Japanese prosecutors on Wednesday arrested a former senior Tokyo Olympics official and three businessmen over alleged bid-rigging linked to the Games, the latest twist in a growing corruption scandal.
In a statement, Tokyo prosecutors said they arrested Yasuo Mori, 55, a senior Tokyo 2020 organising committee official, for allegedly violating the anti-monopoly law.
Prosecutors also detained Koji Henmi, an official at advertising giant Dentsu, Masahiko Fujino of television production and sales company Fuji Creative Corp and Yoshiji Kamata of events operator Cerespo.
Local media published photos of police raiding the home of Mori, who ran test events for the pandemic-postponed Summer Games held in 2021.
Prosecutors accuse the four men of rigging a string of supposedly open competitive bids and limited tender contracts for Olympic events, reportedly worth a total of 40 billion yen ($305 million), local media said.
The four “limited competition in trade linked to test events planning… against the interests of the public,” the statement said.
They decided which company would land a contract and “agreed that only the company that was picked to win the contract should bid.”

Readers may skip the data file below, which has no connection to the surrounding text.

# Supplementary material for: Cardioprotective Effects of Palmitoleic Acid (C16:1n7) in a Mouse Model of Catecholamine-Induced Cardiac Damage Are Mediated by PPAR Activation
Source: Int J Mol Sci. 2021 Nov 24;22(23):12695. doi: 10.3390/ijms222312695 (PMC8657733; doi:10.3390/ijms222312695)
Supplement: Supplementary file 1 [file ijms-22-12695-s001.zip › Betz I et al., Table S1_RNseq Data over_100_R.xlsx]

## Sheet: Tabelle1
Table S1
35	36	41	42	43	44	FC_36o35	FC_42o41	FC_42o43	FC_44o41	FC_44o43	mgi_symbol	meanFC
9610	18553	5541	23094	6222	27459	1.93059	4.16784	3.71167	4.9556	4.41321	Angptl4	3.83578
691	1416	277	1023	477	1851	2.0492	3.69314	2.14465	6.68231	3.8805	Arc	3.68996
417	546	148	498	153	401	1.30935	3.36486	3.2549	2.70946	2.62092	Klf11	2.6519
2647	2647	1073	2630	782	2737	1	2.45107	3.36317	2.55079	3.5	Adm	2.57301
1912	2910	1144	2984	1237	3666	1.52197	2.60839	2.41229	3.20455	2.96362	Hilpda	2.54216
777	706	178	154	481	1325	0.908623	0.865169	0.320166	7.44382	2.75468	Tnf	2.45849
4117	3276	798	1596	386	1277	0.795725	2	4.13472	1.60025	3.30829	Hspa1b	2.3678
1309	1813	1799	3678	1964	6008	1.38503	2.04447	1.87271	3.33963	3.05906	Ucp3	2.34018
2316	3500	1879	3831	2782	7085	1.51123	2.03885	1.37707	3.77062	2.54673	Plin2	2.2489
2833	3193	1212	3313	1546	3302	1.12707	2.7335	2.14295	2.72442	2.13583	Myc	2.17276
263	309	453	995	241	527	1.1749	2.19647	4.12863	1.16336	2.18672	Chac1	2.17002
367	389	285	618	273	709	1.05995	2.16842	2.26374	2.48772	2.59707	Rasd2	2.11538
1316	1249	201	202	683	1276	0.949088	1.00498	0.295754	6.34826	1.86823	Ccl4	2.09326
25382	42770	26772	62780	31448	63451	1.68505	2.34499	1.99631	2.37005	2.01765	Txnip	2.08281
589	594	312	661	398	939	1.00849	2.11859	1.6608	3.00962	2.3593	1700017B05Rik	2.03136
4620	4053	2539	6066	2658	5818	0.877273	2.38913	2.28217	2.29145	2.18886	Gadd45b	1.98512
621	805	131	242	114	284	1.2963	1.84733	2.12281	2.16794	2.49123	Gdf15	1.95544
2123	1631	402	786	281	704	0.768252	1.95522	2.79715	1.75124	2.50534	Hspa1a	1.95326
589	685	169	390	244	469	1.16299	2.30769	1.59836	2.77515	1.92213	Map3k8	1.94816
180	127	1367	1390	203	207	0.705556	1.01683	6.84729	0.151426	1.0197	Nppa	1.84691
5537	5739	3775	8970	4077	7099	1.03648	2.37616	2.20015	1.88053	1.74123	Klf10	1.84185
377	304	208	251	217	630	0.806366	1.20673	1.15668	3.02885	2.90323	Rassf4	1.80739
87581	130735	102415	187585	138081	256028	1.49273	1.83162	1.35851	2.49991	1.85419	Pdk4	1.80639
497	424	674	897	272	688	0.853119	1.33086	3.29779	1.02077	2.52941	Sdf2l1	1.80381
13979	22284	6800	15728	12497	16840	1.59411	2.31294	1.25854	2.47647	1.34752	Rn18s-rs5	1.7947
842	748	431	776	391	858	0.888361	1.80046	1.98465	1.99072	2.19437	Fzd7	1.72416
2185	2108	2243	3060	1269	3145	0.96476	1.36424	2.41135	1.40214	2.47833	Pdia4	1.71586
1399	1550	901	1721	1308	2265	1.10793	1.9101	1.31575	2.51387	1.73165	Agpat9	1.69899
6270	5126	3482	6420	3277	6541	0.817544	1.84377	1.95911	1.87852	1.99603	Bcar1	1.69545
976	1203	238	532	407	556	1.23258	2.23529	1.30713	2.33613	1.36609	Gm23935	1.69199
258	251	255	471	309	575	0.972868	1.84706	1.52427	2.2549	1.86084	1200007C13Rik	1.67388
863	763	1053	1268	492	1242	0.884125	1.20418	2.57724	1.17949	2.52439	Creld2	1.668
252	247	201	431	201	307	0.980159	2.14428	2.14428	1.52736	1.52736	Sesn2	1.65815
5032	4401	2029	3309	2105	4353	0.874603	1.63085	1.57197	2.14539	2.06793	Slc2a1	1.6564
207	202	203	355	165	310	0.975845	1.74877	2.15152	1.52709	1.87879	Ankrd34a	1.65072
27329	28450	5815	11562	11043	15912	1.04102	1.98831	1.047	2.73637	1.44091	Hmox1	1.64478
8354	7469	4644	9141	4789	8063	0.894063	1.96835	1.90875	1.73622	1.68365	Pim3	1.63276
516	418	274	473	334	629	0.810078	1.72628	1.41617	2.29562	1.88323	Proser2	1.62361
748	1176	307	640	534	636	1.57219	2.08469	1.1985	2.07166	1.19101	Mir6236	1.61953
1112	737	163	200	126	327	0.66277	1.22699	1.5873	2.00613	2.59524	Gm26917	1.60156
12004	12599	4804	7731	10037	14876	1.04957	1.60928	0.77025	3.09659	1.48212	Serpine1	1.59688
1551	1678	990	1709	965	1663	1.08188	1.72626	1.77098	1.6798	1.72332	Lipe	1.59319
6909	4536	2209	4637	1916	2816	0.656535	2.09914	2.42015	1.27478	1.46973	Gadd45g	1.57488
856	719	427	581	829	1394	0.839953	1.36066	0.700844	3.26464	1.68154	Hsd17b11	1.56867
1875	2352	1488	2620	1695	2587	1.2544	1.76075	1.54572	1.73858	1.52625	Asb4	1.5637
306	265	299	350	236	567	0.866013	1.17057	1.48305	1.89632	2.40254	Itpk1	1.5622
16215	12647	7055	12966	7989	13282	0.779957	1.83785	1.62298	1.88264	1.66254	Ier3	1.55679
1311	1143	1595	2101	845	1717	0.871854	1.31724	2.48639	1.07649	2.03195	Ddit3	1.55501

The allegations concern preparation for test events between February and July 2018, prosecutors said.
In a statement, Dentsu said it “takes this situation very seriously” and vowed to “fully cooperate with the authorities”.
The advertising giant will conduct its own probe and “take strict actions to restore the trust” of stakeholders, it added.
Prosecutors are already investigating bribery allegations around the Games over claims a former Tokyo 2020 board member took money from companies in exchange for Olympic partnership deals.
The former official, Haruyuki Takahashi, has been arrested over the scandal. In December, the former executive of a major clothing company admitted in court that he offered money to secure sponsorship rights, according to national broadcaster NHK.
The corruption scandal has cast a shadow over the northern city of Sapporo’s bid for the 2030 Winter Olympics.
Officials there have stopped holding promotional events for the bid and plan a nationwide poll to gauge support.
The ballooning saga is not the first time questions have been raised over impropriety around the Tokyo Games.
The former head of Japan’s Olympic Committee, Tsunekazu Takeda, stepped down in 2019 after French prosecutors launched an investigation into corruption allegations linked to Tokyo’s Olympic bid.
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